Big Sky, Montana, United States
Design Workshop, Inc.
Seamlessly and minimally designed, it reflects local ecosystems and geographical characteristics, transforming them into functional and elegant spaces for residents to enjoy and appreciate their surroundings. The crisp details provide a bold contrast to the softness of nature, resulting in an inspiring design expressed through nature and the art of living.
- 2023 Awards Jury
Mike Albert, FASLA, Design Workshop, Inc., Principal
Ben Roush, ASLA, Design Workshop, Inc., Project Manager (CD, CO)
Mike Tunte, ASLA, Design Workshop, Inc., Project Manager (SD, DD)
Brandon Huttenlocher, Design Workshop, Inc., Photographer
Feras Abdallah, Design Workshop, Inc., Awards Graphics
Xinyu Li, Design Workshop, Inc., Awards Graphics
Sarah Chase Shaw, Design Workshop, Inc., Awards Submission
Pearson Design Group, Architect
Alexandra Karram, Interior Designer
Bridger Engineering, Engineer
Water Design, Inc., Water Feature Engineer
Sean O’Connor, Lighting Designer
Energy 1, MEP Engineer
Highline Partners, General Contractor
Clearwater Restoration, Water Feature Contractor
Valley of the Flowers, Landscape Contractor
Russ Richards, Tree Contractor
Set within a landscape shaped by wind, fire, water and ice, Andesite Ridge exposes a dramatic and ecologically rich environment, challenging the notion of contemporary design in a rugged context. A modernist interpretation of mountain living melds a design ethos of simplicity, volume, and natural materials with an artful synthesis of engineering and technology to holistically address its contextual suitability. This approach, when synthesized with strategic site planning decisions, effectively dissolves the barrier between designed space and natural environment while actively addressing urgent regional issues including forestry and wildfire management, water conservation, ecological impact, and wildlife habitat restoration.
GEOMORPHOLOGY AS STORYTELLING
Set on a sparse promontory overlooking Montana’s Madison Range, the 3.5-acre forested site rests within a dramatic landscape shaped by wind, fire, water, and ice. Evidence of such extreme natural forces are discoverable in the backcountry, where rock glaciers—piles of broken and weathered scree rock—scour mountainsides, piling debris in stream beds and alpine lakes. This unique phenomenon offers inspiration for Andesite Ridge, challenging the notion of contemporary landscape design in a rugged environment.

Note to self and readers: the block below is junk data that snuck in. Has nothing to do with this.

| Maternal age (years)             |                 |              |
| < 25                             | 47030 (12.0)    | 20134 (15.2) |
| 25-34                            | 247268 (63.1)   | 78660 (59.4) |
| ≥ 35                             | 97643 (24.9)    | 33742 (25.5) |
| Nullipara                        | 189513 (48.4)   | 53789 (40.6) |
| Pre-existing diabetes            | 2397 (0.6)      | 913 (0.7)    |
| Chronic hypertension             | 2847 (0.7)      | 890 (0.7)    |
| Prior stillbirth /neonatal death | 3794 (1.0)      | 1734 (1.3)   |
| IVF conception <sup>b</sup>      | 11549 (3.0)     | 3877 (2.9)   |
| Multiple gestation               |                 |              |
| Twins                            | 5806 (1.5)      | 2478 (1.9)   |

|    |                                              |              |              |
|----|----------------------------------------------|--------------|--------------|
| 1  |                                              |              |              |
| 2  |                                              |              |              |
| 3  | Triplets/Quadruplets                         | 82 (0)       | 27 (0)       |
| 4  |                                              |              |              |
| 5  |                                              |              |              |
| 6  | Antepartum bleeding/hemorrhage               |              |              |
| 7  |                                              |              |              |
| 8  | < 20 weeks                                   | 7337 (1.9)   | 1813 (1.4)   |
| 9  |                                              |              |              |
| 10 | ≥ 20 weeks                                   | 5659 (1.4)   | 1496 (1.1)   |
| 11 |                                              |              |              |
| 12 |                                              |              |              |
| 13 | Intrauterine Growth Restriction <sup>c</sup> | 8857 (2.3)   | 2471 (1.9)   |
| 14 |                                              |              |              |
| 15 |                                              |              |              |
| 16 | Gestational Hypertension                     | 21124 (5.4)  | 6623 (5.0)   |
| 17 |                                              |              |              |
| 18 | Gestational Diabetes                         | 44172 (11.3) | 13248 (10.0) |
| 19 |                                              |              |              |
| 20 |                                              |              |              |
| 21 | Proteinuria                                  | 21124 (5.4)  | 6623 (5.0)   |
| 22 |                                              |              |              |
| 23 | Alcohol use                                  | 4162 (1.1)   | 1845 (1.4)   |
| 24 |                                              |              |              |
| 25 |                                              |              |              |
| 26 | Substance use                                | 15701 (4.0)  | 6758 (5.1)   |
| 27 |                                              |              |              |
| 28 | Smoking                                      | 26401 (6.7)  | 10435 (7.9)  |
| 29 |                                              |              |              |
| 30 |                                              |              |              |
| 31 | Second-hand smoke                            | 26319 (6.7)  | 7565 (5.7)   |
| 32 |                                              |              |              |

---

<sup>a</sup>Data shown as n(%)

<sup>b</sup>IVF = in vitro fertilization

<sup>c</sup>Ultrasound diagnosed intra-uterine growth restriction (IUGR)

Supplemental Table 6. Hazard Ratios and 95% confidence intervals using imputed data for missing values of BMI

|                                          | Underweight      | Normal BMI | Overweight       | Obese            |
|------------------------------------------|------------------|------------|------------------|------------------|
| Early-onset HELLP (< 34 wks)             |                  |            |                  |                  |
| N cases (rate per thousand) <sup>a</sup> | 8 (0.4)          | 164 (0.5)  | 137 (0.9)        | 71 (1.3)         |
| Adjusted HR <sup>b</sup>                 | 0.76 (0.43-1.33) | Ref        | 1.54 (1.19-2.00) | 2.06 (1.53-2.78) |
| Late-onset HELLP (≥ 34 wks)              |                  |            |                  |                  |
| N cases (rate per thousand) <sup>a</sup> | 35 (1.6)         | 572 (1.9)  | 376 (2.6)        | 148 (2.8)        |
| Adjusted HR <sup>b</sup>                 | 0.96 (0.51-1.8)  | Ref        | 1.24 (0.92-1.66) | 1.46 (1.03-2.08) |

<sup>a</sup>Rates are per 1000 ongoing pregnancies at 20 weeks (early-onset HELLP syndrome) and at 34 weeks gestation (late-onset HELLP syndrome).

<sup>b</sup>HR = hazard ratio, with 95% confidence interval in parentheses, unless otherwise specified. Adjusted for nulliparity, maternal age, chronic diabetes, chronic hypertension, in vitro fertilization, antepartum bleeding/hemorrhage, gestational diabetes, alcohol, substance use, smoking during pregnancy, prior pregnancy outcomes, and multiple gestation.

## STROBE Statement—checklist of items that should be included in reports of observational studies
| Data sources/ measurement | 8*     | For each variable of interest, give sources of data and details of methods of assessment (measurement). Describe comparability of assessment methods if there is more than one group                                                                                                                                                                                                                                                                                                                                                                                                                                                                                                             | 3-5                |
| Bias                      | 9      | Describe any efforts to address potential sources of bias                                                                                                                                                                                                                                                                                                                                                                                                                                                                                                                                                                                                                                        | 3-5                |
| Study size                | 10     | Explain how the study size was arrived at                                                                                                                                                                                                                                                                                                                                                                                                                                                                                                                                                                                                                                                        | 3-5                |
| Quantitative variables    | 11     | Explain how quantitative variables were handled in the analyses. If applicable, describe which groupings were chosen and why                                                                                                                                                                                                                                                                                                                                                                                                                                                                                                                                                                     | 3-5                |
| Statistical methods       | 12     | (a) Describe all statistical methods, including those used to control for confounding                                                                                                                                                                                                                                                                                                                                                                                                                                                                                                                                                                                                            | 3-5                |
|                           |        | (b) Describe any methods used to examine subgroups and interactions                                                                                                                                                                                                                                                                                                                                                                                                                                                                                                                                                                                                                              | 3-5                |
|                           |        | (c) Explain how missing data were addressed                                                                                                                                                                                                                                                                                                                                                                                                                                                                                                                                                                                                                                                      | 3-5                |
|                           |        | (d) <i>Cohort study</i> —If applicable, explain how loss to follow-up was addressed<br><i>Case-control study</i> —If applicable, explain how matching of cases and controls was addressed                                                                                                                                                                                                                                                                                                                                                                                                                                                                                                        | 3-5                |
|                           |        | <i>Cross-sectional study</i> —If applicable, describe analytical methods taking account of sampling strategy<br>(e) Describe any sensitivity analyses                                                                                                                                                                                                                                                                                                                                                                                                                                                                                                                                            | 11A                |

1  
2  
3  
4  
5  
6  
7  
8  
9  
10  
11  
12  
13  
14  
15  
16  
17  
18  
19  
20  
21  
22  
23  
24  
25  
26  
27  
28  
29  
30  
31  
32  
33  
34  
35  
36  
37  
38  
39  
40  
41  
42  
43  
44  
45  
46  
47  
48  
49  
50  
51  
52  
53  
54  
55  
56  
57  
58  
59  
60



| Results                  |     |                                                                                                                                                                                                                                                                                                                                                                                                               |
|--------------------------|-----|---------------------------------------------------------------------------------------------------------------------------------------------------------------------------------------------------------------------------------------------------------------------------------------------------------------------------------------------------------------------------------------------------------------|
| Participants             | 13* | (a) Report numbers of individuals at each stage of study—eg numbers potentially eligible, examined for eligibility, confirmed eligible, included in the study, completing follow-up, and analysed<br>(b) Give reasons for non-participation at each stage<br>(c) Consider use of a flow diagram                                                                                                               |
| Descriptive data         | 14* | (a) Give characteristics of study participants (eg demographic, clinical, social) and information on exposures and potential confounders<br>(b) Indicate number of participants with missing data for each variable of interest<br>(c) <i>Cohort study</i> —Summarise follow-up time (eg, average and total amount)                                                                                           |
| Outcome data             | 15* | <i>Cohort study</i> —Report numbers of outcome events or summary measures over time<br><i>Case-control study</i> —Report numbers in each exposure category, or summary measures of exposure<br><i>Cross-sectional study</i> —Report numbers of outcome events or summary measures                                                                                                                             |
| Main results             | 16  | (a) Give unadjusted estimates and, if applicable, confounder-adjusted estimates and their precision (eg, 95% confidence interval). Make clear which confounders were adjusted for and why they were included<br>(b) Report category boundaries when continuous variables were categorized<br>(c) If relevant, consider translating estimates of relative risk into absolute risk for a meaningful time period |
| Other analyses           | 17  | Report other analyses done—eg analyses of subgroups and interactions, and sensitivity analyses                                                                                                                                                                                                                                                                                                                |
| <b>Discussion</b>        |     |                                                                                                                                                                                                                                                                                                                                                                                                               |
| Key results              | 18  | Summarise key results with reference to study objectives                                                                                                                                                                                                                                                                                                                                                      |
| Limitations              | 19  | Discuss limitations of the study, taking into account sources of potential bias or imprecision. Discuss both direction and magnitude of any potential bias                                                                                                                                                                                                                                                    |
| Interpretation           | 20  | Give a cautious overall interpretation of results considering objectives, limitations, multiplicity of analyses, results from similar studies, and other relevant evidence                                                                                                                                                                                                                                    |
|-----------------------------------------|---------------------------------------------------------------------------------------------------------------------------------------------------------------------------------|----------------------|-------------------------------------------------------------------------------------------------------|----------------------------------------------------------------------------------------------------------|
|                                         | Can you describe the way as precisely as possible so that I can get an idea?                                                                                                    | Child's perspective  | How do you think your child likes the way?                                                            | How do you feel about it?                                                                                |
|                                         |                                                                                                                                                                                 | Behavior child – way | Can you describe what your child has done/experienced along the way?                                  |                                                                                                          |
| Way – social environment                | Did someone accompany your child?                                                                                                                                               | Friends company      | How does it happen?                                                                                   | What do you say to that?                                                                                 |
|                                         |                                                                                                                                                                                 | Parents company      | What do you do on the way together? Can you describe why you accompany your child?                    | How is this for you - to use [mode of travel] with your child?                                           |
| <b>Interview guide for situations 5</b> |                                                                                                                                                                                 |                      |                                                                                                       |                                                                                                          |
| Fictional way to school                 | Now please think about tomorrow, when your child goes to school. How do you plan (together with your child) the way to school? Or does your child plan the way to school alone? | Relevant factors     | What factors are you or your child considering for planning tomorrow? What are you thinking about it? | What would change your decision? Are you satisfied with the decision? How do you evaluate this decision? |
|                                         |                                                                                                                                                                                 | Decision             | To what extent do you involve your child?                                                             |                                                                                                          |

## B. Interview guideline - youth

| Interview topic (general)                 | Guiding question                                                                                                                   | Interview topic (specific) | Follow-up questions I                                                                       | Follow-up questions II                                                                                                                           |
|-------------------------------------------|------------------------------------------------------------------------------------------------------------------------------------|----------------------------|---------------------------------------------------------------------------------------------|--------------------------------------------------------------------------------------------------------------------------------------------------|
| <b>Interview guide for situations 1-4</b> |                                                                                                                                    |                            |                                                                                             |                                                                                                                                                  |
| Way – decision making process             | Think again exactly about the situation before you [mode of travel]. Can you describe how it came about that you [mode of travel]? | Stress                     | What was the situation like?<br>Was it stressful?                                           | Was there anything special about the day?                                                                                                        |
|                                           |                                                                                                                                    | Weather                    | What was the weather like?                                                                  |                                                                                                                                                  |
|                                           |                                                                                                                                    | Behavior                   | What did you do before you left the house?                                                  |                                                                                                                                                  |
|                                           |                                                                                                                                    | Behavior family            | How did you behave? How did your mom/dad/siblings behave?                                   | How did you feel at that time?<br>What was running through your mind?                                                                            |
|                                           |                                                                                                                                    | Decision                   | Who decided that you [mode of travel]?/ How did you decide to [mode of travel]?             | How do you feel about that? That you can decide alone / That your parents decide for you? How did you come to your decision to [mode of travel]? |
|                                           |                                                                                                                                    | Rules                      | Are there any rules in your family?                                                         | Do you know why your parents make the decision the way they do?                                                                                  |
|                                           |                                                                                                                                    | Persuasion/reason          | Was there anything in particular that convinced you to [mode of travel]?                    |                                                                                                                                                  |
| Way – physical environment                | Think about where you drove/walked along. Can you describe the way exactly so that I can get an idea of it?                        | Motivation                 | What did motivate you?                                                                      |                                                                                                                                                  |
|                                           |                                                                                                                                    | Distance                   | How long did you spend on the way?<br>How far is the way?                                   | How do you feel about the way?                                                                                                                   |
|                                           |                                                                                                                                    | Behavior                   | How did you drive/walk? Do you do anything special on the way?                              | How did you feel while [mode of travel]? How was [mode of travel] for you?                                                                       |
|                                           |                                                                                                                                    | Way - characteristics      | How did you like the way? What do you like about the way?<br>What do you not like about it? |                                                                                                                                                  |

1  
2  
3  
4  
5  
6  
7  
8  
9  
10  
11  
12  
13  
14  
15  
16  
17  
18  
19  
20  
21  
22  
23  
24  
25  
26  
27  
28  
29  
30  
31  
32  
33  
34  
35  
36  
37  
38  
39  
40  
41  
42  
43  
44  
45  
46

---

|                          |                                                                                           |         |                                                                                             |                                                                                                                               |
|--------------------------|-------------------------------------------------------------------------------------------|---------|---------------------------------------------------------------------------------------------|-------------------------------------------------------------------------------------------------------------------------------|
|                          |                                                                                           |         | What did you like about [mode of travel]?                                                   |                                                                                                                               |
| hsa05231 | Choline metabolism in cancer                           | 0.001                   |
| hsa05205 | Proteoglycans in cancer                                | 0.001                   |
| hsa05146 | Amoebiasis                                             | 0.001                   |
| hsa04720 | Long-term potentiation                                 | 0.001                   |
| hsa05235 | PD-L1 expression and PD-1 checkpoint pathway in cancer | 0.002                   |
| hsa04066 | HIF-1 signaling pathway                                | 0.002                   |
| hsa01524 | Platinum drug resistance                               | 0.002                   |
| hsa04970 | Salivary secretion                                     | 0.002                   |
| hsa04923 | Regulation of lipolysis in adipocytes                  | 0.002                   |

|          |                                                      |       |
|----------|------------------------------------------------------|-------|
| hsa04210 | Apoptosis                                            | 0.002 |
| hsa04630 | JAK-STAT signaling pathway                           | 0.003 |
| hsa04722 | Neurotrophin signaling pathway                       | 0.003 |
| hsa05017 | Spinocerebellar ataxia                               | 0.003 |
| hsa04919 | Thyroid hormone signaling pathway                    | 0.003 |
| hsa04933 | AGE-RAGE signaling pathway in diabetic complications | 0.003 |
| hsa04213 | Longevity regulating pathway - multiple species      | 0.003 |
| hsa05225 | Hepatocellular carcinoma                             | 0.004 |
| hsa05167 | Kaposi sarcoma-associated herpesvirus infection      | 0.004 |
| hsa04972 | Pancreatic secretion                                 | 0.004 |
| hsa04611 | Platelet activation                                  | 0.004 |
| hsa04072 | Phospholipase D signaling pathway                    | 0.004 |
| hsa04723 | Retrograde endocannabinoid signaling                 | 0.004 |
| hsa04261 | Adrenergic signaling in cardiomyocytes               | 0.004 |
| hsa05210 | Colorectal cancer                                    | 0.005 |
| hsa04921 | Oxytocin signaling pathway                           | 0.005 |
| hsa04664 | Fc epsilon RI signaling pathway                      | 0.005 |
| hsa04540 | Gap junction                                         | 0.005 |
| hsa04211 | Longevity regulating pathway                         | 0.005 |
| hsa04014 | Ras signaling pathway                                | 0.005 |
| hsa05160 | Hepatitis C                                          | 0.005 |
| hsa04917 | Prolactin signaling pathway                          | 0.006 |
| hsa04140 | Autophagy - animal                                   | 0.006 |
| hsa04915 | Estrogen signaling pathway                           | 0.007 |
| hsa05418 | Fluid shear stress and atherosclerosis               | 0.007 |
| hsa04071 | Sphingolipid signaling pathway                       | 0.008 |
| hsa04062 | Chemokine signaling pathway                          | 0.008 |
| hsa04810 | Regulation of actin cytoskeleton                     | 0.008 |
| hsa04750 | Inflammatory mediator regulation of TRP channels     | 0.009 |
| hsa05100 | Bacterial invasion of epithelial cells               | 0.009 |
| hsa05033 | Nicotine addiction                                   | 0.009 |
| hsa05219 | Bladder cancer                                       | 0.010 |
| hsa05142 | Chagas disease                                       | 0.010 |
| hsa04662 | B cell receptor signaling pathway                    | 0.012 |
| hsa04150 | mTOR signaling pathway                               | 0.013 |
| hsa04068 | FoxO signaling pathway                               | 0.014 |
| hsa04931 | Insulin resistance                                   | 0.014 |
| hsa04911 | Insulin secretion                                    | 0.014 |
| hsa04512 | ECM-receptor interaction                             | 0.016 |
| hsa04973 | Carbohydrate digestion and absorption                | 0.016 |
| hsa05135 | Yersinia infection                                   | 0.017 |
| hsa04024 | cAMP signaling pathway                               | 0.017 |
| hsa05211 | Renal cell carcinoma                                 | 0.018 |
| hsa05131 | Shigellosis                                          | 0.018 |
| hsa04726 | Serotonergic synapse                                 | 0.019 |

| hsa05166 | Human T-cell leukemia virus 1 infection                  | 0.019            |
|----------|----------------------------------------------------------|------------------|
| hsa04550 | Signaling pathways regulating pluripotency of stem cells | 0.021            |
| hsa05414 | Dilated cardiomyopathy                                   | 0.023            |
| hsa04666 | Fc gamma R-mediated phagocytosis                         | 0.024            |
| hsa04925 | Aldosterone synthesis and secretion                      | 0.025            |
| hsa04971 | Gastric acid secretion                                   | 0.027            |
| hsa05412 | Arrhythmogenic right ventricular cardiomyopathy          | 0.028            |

INSPIRED BY PLACE
Interested in protecting and enhancing the site’s vistas, night skies and wildlife habitat, the owners designed a contemporary mountain home, crisply executed with a nocturnal material palette that purposefully retreats into the coniferous forest. In response, landscape expressions are disciplined, limited to a narrative that extend the visual and functional relationship of the home into the landscape, connecting its inhabitants to the story of this place.
PRESERVING THE INTEGRITY OF THE LAND
The entry drive gracefully embraces the dramatic contours of the site, its artful maneuvering around mature pines and lichen-covered escarpments slowly revealing filtered views of the rugged mountains and home beyond. Upon arrival, a linear walk – composed of cut pavers and loosely placed native rock – extends from the home’s entry, sheltered by a tightly-spaced grove of quaking aspens that cast an ever-changing play of light and shadow upon the shou sugi ban walls of the home.
TRANSCENDING ART AND FUNCTION
Traversing beneath a glassy bridge linking public and private areas of the home, a stream—the central garden element that metaphorically abstracts and celebrates the ephemeral nature of snow-fed creeks and lakes as a performative art installation—accommodates onsite water harvesting, stormwater management and fire suppression needs.
Emerging as a small spring, water spirits its way through broken rock fragments, creating an audible spectacle that permeates interior spaces. Craggy boulders, softened with pockets of creeping groundcover, appear intermittently, their organic jagged forms set in poetic contrast to architectural stone walls. Below, water diffuses across a rugged delta and into a plane of still water, reflecting adjacent meadowlands and theatrical skies. Recycled water, collected from spring meltwater and rainwater runoff, is stored in a series of underground, fire protection cisterns, and allowed to periodically recirculate – transforming a dry talus bed into a glassy surface in 30-minute intervals, and then drained to reduce evaporation.
ENCOURAGING NATURAL PROCESSES
The design realizes a commitment to protecting and enhancing the natural beauty of the site while addressing critical environmental issues facing the Northern Rockies, including forestry and wildfire management, water conservation and ecological disturbance. While avoiding impact to keystone species that offer high nutritional value as migratory habitats, aggressive clearing of deadfall introduces light and moisture to foster regeneration. Reconstructing 27,000 square feet requires irrigation only until establishment and mimics existing conditions with native grasses and wildflowers that complement the modern lines and tones of the architecture. Since construction, indigenous wildlife has returned with a robustness that belies the fragility of its alpine environment.
- Galanter & Jones
- Rain Bird
- Stone Curators
- SPJ Lighting
- Boca Flasher
- Aion LED
- HK Lighting
- Alexandra Karram
- Colorado Blue Spruce
- Quaking Aspen
- Tufted Hairgrass
- Buffalo Juniper
- Fleece Flower
- Slender Wheatgrass
- Mtn. Brome
- Hard Fescue
- Canada Bluegrass
- Streambank Wheatgrass
- Thickspike Wheatgrass
- Blue Bunch Wheatgrass
- Mountain Lupine
- White Yarrow
- Blue Flax